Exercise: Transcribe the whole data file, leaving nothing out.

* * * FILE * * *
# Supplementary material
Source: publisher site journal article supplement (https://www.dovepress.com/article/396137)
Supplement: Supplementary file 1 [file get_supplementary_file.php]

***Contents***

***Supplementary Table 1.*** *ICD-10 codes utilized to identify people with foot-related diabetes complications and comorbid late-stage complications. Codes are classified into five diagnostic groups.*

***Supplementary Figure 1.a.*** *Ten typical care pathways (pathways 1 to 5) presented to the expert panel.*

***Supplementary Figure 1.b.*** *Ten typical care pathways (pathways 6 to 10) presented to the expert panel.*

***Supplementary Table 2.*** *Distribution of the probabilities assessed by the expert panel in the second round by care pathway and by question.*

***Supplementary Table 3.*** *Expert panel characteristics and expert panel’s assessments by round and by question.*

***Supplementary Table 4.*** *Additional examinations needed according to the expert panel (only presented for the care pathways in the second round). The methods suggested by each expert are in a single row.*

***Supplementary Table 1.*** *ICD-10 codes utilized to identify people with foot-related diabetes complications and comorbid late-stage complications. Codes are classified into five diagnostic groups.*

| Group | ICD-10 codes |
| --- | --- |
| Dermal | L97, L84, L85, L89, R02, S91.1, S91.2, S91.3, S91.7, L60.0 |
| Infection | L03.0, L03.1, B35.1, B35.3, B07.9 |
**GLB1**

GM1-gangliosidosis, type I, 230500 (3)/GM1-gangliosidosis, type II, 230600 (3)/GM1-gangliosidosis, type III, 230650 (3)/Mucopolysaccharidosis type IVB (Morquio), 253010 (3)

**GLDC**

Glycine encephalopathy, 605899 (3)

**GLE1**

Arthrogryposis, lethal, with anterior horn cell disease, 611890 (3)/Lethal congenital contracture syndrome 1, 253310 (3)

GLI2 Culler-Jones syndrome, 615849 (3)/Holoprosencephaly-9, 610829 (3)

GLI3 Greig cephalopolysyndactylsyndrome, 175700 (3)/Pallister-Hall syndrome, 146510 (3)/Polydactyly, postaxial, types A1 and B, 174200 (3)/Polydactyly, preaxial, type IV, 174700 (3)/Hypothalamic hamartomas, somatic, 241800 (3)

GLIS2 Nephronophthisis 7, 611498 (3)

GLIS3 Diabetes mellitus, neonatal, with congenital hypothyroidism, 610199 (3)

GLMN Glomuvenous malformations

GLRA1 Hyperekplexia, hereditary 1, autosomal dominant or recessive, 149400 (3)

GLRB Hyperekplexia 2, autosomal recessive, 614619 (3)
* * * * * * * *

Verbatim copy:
# Supplementary material
Source: publisher site journal article supplement (https://www.dovepress.com/article/396137)
Supplement: Supplementary file 1 [file get_supplementary_file.php]

***Contents***

***Supplementary Table 1.*** *ICD-10 codes utilized to identify people with foot-related diabetes complications and comorbid late-stage complications. Codes are classified into five diagnostic groups.*

***Supplementary Figure 1.a.*** *Ten typical care pathways (pathways 1 to 5) presented to the expert panel.*

***Supplementary Figure 1.b.*** *Ten typical care pathways (pathways 6 to 10) presented to the expert panel.*

***Supplementary Table 2.*** *Distribution of the probabilities assessed by the expert panel in the second round by care pathway and by question.*

***Supplementary Table 3.*** *Expert panel characteristics and expert panel’s assessments by round and by question.*

***Supplementary Table 4.*** *Additional examinations needed according to the expert panel (only presented for the care pathways in the second round). The methods suggested by each expert are in a single row.*

***Supplementary Table 1.*** *ICD-10 codes utilized to identify people with foot-related diabetes complications and comorbid late-stage complications. Codes are classified into five diagnostic groups.*

| Group | ICD-10 codes |
| --- | --- |
| Dermal | L97, L84, L85, L89, R02, S91.1, S91.2, S91.3, S91.7, L60.0 |
| Infection | L03.0, L03.1, B35.1, B35.3, B07.9 |
**GLB1**

GM1-gangliosidosis, type I, 230500 (3)/GM1-gangliosidosis, type II, 230600 (3)/GM1-gangliosidosis, type III, 230650 (3)/Mucopolysaccharidosis type IVB (Morquio), 253010 (3)

**GLDC**

Glycine encephalopathy, 605899 (3)

**GLE1**

Arthrogryposis, lethal, with anterior horn cell disease, 611890 (3)/Lethal congenital contracture syndrome 1, 253310 (3)

GLI2 Culler-Jones syndrome, 615849 (3)/Holoprosencephaly-9, 610829 (3)

GLI3 Greig cephalopolysyndactylsyndrome, 175700 (3)/Pallister-Hall syndrome, 146510 (3)/Polydactyly, postaxial, types A1 and B, 174200 (3)/Polydactyly, preaxial, type IV, 174700 (3)/Hypothalamic hamartomas, somatic, 241800 (3)

GLIS2 Nephronophthisis 7, 611498 (3)

GLIS3 Diabetes mellitus, neonatal, with congenital hypothyroidism, 610199 (3)

GLMN Glomuvenous malformations

GLRA1 Hyperekplexia, hereditary 1, autosomal dominant or recessive, 149400 (3)

GLRB Hyperekplexia 2, autosomal recessive, 614619 (3)